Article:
Chisom Obasih: Applying Study Abroad and Language Studies to Science

Many people have asked me how my two majors—neuroscience and Japanese—are connected, and when I first matriculated into Pitt, my answer was that they were simply two of my interests.

But, through my time at the Dietrich School, I have come across many overlaps in my own life. The class that I consider to have had the most impact on my life is called “Aspects of Japanese Language,” which focused specifically on the linguist aspects of Japanese. I was also taking “Introduction to Neuroscience” at the same time. Having both of these classes together—along with speaking to the professor of the Japanese class, Hiroshi Nara—I came to realize how the linguistic nature of a language can impact the brain, and of course how intricately the brain works in processing first and second (and beyond!) languages.

Studying a language also benefits me when working in a scientific environment: Sometimes I approach a problem as if it were a foreign language, and I go through the problem-solving process by breaking things down as if it were a word in Japanese whose parts I just needed to break down in the basic meanings.

Learning a language of course has also opened me up to an entirely new culture, with a complex history and society so very different from that of America. I spent a summer studying abroad in Japan, thanks to the Critical Language Scholarship from the U.S. Department of State. Though I was only there for the summer, my Japanese improved an incredible amount. More than just my Japanese, however, my self-confidence grew, both in speaking the language and in myself. I learned to have the confidence to speak to strangers in Japanese, I learned to navigate the train systems by myself, and I learned to live with a family that was not my own. I even took some solo trips that I planned all by myself: I was impressed when I was able to check into a youth hostel completely in Japanese, and so was the check-in worker!

I also really enjoyed more or less being an ambassador as a US citizen. Some of my new Japanese friends told me I was their first-ever American friend, and I enjoyed relaying my experience as a black American and as well as first-generation American, the daughter of an immigrant.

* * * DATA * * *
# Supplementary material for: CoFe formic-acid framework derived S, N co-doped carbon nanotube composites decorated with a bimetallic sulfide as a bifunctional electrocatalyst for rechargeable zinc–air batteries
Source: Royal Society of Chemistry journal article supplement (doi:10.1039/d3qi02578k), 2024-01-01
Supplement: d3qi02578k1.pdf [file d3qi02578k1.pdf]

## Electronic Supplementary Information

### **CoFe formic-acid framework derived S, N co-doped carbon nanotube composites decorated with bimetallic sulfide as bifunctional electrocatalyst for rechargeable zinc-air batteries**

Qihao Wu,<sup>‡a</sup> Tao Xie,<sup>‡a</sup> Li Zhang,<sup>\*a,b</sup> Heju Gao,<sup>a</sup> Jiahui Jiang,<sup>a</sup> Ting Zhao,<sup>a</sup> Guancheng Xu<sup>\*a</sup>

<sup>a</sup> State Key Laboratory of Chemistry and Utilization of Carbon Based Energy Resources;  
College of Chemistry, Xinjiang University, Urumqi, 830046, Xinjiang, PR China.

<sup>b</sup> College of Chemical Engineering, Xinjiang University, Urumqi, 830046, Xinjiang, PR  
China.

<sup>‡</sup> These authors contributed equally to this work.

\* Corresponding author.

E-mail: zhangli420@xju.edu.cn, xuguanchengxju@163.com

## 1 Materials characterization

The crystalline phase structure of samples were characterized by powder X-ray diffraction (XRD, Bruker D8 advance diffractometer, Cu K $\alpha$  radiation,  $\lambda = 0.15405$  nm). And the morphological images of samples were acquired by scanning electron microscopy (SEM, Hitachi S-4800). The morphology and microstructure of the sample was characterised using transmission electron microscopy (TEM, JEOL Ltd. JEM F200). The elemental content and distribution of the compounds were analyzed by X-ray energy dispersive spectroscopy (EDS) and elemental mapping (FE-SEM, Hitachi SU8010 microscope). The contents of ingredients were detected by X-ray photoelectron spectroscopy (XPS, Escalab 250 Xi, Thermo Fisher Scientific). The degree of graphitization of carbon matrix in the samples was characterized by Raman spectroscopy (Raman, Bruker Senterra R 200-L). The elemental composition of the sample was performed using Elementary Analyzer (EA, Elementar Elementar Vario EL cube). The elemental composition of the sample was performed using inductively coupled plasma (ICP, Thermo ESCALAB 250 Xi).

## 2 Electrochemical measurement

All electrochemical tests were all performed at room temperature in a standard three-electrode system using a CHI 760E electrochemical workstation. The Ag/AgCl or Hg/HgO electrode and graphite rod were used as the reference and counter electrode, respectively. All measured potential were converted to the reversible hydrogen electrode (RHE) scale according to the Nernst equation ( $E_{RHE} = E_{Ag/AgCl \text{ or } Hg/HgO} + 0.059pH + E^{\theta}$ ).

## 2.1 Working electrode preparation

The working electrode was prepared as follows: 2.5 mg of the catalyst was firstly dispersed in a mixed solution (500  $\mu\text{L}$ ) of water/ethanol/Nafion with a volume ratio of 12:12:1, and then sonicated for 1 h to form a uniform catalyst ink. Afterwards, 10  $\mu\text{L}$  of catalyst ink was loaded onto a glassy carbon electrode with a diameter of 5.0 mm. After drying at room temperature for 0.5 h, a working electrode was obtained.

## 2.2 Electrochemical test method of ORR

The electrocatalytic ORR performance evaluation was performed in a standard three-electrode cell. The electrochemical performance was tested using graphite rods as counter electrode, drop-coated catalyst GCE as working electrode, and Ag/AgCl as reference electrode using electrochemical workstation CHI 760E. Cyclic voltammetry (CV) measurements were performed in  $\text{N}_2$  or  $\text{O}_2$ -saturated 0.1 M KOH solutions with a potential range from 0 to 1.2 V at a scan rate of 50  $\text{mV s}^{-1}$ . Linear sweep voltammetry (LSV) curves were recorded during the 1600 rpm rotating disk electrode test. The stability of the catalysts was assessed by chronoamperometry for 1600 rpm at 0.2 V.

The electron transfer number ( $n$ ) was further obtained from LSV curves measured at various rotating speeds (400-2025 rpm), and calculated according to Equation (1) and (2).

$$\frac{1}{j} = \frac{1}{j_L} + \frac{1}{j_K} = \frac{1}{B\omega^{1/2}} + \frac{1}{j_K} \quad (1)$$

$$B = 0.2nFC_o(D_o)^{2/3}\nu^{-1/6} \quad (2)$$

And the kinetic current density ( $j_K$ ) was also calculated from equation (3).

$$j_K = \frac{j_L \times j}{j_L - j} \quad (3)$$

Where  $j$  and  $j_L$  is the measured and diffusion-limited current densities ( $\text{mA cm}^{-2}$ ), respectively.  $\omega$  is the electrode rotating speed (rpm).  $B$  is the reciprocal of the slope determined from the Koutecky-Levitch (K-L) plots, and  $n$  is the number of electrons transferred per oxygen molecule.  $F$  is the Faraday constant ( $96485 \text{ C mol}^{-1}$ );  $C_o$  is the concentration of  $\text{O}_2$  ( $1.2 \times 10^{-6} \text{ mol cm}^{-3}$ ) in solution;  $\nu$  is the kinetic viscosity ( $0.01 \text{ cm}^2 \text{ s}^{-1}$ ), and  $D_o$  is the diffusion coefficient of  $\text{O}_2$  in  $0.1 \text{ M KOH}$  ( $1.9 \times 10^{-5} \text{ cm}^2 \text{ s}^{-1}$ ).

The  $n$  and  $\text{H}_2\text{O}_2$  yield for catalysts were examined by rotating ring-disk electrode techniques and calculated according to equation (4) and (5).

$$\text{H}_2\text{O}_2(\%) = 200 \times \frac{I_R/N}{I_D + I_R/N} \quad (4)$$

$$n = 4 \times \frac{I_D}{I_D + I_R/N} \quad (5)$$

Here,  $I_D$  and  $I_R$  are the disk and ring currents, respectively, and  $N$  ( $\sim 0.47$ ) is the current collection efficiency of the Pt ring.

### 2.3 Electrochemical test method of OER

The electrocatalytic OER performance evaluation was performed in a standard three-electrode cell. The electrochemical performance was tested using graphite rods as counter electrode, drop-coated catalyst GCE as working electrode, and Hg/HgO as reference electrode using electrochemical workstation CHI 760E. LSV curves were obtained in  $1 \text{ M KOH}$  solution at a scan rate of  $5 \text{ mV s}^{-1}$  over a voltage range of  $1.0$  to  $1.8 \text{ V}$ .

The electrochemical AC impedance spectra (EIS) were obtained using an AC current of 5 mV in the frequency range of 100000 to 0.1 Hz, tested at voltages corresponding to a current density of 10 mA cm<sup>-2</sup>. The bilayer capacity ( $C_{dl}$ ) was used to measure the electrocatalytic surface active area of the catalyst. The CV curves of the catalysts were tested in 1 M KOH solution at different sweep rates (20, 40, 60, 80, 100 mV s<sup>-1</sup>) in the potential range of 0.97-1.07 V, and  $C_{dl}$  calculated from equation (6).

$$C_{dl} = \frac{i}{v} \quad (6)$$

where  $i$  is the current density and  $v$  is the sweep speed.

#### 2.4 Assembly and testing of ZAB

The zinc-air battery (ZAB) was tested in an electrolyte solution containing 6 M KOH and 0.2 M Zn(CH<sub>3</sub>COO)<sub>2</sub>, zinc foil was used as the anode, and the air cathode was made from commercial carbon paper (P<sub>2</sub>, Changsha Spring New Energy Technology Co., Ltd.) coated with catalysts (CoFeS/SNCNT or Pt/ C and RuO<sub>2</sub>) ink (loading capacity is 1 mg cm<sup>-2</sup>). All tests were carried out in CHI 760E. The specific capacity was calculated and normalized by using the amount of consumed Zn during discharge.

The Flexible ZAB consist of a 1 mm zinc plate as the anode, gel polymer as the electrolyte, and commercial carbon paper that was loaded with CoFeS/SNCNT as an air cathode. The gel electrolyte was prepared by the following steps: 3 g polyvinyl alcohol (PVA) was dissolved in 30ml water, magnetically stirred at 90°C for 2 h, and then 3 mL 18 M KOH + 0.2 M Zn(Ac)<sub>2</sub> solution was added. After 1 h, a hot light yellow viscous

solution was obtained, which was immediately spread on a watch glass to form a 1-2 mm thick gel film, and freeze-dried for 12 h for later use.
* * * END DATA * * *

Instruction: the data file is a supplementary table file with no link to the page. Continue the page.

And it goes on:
I think it was incredibly beneficial studying abroad as an undergrad, because coming back to Pitt to continue my studies, I often think about how my experiences there affect how I live my life back home in America for the better. My experience abroad also helped shaped my career interests, and I know now more than ever that I'd like to go back to Japan again and again for years to come, hopefully to do research. Specifically, I'm really interested in cognitive neuroscience, and I would be glad if I could get involved with research that studies the neuroscience behind language acquisition, both native and non-native languages, and how one's native language can have an affect on brain structures and cognitive abilities.

When I came to Pitt, I planned to focus on the pre-med requirements, and while I am currently deciding between two different paths (medicine or academia), I have received very helpful guidance that has led me an undergraduate career that would prepare me for either. 

I also have found connections between my two areas of study and other disciplines, such as sociology, biology, history, and more, which has really grown my appreciation of the interdisciplinary nature that can arise in academia. I also have come to appreciate the extensive general education requirements of the Dietrich School of Arts and Sciences, which highlight courses that can be taken across a wide range of disciplines.

Finding connections in these vastly different subjects has changed my way of thinking and helped me learn that I cannot approach every topic with a narrow view. I can't think of a problem in just neuroscience terms, or just Japanese/language-learning terms; it's better to think about a problem broadly from many different angles and I may come to a solution I would not have thought of otherwise. This is especially why an interdisciplinary education is important to me, because it has bettered my problem solving skills immensely.

These experiences, which allow me to think objectively and more broadly will undoubtedly benefit my career, whatever I choose, because it's important to approach problems and situations from multiple viewpoints, and studying both a language and other humanity subjects has enabled me to change my way of thinking from purely scientific to so much more than that.